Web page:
“Emotional intelligence, more than any other factor, more than IQ or expertise, accounts for 85% to 90% of success at work… IQ is a threshold competence. You need it, but it doesn’t make you a star. Emotional intelligence can.”—Warren Bennis
Many managers and employers have historically viewed emotional intelligence as a "soft" skill, but they are gradually realizing that success requires emotional intelligence in addition to intelligence and skill. Employers are looking for individuals who can manage their emotions, relationships with coworkers, and performance of the tasks for which they were hired.
How well a person can comprehend how they affect other people and manage themselves appropriately for positive working relationships is determined by their emotional intelligence. After all, the caliber of our interactions with coworkers, clients, partners, and stakeholders has a significant impact on our work performance and productivity.
The way we collaborate with others to get things done, deal with setbacks and conflicts, and encourage our teams directly affects productivity at work. It also positively influences the health of workplace culture, employee engagement, job satisfaction, loyalty, and commitment while decreasing turnover rate, sick leave, and absenteeism.
A lot of people often think of emotional intelligence as a “touchy-feely" or “soft” skill, and the competencies that fall under it are often called "character." Yes, we understand the importance of empathy and self-awareness in leadership and success, but a lot of employers still believe that IQ and technical skills are the real drivers of professional success.
However, research shows that while IQ is important, there is no correlation between intelligence/smarts and professional success beyond a certain point: above-average intelligence, or around 115 IQ points, for lawyers, doctors, or business executives.
This is where emotional intelligence becomes a key differentiating factor.
Research has also shown significant improvements in performance, productivity, and profits for companies that focused on training their workforce’s emotional intelligence. And when managers and leaders have a high EQ (emotional quotient), they are able to effectively inspire and motivate their people to go above and beyond their job descriptions.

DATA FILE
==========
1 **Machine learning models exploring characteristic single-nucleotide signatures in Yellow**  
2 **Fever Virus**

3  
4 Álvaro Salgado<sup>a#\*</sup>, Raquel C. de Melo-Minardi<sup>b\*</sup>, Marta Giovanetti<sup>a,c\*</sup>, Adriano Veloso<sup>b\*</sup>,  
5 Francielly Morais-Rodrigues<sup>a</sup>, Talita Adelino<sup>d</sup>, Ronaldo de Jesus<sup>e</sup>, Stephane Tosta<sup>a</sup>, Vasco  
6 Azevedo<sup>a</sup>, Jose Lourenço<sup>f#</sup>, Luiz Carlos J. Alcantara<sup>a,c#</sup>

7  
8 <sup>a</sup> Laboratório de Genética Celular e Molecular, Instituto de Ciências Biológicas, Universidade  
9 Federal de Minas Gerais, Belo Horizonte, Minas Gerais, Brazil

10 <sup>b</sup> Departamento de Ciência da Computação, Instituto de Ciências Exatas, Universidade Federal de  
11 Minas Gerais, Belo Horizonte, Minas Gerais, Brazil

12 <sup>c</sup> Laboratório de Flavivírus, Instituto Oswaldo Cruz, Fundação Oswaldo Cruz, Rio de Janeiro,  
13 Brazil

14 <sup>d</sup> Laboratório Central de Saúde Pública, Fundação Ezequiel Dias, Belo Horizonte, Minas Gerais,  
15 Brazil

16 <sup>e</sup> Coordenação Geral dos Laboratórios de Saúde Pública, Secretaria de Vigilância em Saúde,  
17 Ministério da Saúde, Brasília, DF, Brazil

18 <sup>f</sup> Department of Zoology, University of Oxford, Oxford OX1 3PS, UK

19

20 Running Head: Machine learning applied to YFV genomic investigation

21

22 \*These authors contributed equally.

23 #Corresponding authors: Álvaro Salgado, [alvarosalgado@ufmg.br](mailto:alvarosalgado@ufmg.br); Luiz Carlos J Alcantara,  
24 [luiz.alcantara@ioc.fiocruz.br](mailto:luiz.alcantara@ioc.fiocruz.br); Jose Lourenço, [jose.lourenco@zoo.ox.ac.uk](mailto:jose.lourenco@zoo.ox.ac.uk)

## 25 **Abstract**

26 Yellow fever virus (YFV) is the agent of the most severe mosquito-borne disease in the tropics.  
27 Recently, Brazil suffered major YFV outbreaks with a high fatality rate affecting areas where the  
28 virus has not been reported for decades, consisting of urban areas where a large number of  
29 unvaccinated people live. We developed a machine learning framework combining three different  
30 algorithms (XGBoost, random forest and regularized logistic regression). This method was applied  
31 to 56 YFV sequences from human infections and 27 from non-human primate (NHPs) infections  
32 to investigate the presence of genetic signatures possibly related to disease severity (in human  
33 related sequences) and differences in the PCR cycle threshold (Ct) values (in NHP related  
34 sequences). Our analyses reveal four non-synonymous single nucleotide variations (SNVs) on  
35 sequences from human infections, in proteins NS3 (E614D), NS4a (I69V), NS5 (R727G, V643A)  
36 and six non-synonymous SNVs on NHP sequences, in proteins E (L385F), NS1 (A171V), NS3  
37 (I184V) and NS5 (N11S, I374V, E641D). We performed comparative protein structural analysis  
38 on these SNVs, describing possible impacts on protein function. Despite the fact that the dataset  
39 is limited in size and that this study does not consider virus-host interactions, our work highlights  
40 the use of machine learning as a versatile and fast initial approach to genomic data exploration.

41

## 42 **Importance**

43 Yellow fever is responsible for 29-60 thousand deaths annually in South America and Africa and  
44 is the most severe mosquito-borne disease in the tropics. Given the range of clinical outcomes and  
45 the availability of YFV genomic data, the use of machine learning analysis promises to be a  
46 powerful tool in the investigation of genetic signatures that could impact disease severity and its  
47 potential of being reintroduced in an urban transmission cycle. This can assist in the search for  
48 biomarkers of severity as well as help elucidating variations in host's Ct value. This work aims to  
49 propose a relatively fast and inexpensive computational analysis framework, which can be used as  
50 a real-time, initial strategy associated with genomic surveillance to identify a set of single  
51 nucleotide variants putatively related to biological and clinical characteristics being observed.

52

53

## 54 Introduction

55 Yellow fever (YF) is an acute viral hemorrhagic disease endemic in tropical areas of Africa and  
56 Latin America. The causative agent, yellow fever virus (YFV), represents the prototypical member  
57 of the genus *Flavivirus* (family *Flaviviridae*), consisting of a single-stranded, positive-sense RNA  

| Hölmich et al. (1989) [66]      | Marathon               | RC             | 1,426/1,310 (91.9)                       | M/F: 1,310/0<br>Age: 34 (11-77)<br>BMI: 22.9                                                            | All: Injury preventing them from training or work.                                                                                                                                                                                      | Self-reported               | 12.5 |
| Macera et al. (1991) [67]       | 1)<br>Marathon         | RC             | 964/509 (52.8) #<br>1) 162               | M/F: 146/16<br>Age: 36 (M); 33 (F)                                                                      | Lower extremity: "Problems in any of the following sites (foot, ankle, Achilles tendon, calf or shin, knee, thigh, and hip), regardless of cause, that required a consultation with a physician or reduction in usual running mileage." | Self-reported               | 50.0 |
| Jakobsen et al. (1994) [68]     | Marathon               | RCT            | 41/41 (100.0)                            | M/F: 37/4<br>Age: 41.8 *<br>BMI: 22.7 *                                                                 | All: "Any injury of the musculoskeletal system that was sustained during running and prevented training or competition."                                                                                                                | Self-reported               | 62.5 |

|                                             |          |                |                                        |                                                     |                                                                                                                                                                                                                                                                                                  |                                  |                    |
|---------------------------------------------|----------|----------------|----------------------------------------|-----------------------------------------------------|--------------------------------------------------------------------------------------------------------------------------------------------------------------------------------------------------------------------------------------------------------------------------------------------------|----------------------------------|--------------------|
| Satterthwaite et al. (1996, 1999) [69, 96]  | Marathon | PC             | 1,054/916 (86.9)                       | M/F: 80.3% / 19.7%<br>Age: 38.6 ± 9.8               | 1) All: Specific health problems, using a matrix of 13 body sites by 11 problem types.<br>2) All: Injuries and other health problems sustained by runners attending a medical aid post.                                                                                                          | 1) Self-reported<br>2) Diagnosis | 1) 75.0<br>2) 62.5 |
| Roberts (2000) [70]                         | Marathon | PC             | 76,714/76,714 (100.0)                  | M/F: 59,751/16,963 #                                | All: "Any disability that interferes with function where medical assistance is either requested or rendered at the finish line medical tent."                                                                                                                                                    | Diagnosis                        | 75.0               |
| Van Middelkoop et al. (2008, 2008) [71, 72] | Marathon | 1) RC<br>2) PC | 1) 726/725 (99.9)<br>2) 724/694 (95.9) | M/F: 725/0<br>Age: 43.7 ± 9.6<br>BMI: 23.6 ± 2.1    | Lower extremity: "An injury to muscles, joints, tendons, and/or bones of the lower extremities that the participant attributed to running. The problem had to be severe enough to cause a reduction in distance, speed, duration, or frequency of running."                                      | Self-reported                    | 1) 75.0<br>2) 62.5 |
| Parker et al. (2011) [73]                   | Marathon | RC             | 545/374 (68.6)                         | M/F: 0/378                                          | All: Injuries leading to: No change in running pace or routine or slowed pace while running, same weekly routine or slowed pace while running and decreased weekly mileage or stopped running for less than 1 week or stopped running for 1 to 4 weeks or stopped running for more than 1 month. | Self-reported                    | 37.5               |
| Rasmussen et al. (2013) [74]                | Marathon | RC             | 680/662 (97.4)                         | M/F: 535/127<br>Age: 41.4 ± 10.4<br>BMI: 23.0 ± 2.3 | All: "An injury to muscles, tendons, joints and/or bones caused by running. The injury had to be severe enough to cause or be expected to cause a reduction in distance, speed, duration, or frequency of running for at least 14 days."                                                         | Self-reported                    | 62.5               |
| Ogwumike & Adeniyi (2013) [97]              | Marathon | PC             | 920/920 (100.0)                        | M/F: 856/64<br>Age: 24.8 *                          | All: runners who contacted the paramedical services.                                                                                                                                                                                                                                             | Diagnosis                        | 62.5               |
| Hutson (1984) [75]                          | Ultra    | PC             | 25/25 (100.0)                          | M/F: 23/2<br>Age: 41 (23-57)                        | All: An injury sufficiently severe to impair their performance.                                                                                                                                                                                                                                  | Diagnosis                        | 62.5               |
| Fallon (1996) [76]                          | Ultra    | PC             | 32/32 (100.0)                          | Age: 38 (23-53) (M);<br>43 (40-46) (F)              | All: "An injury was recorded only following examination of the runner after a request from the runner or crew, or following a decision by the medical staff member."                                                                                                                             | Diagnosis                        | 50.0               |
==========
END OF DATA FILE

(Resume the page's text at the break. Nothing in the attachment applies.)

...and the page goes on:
This could have a lot to do with the trust, respect, gratitude, and admiration that workers have for a boss or leader that makes them feel heard, valued, and cared for.
It also affects an organization’s work-related stress levels, which could lead to burnout. Emotionally intelligent leaders make their people feel included, autonomous, competent, valued, respected, and safe, lowering stress significantly and improving overall morale and satisfaction at work.
Emotions can high-jack our brain’s capacity to think rationally. When culture suffers, morale is low, and emotional tensions are high, workers’ ability to work optimally is drastically affected.
According to studies, in a normal emotional state, the “thinking” part of the brain is capable of processing up to 24 interrelated variables at once, but when emotional tensions are high, the “feeling” part of our brains, which reacts 100 times faster than our “rational” brain (for survival), drastically lowers our ability to process multiple variables to maybe two at once.
That’s why we tend to see things in black and white, win or lose, yes or no, when we are feeling stressed.
This has an adverse effect on our employees' ability to prioritize, strategize, and make decisions, which has an adverse effect on the work product.
The “feeling” part of our brains can be triggered by both real and perceived threats—that’s why having emotionally intelligent leaders at the helm to manage stressful situations and emotionally intelligent employees who can regulate their emotions can be an exponential advantage.
Self-awareness, self-management, social awareness, and relationship management are the four main domains of emotional intelligence (EI).
Self-awareness is the foundation for building your EI muscles. You need to know and understand your own motivations and behaviors before you can move on to managing yourself, understanding others, and managing your relationships with others.
Every day, we come across a variety of triggers that can impair our capacity for reason, including emails, irrational comments from coworkers, and even peculiar facial expressions made by a coworker while we are in conversation.
We need about 20 minutes to recover from these triggers on average, but taking brief walks or hydrating yourself with water can help you feel less threatened, real or imagined.
Asking yourself questions such as “Was it really a problem or was I just overthinking?” or “Will this issue matter to me in the next few days/weeks/months?” can help you ground yourself back to reality, see the situation more objectively, and look at things from different perspectives other than your initial stress response.
Learning to reframe your questions as a leader can also help to lessen the triggers for those who are following your lead. Keep in mind that everyone wants to feel safe, respected, valued, and autonomous. Your organization's work environment and culture can be greatly enhanced by appropriately framing your statements and questions.
Even though emotional intelligence deals with emotions, it is not a "soft" skill. To master EI competencies, one must undergo extensive instruction, learning, and practical experience. And if you want to be a leader, having this skill is unquestionably necessary.
Genuinely emotional intelligent leaders successfully mentor, inspire, and develop the next generation of leaders.
Thanks for reading “A Brilliant Tribe.”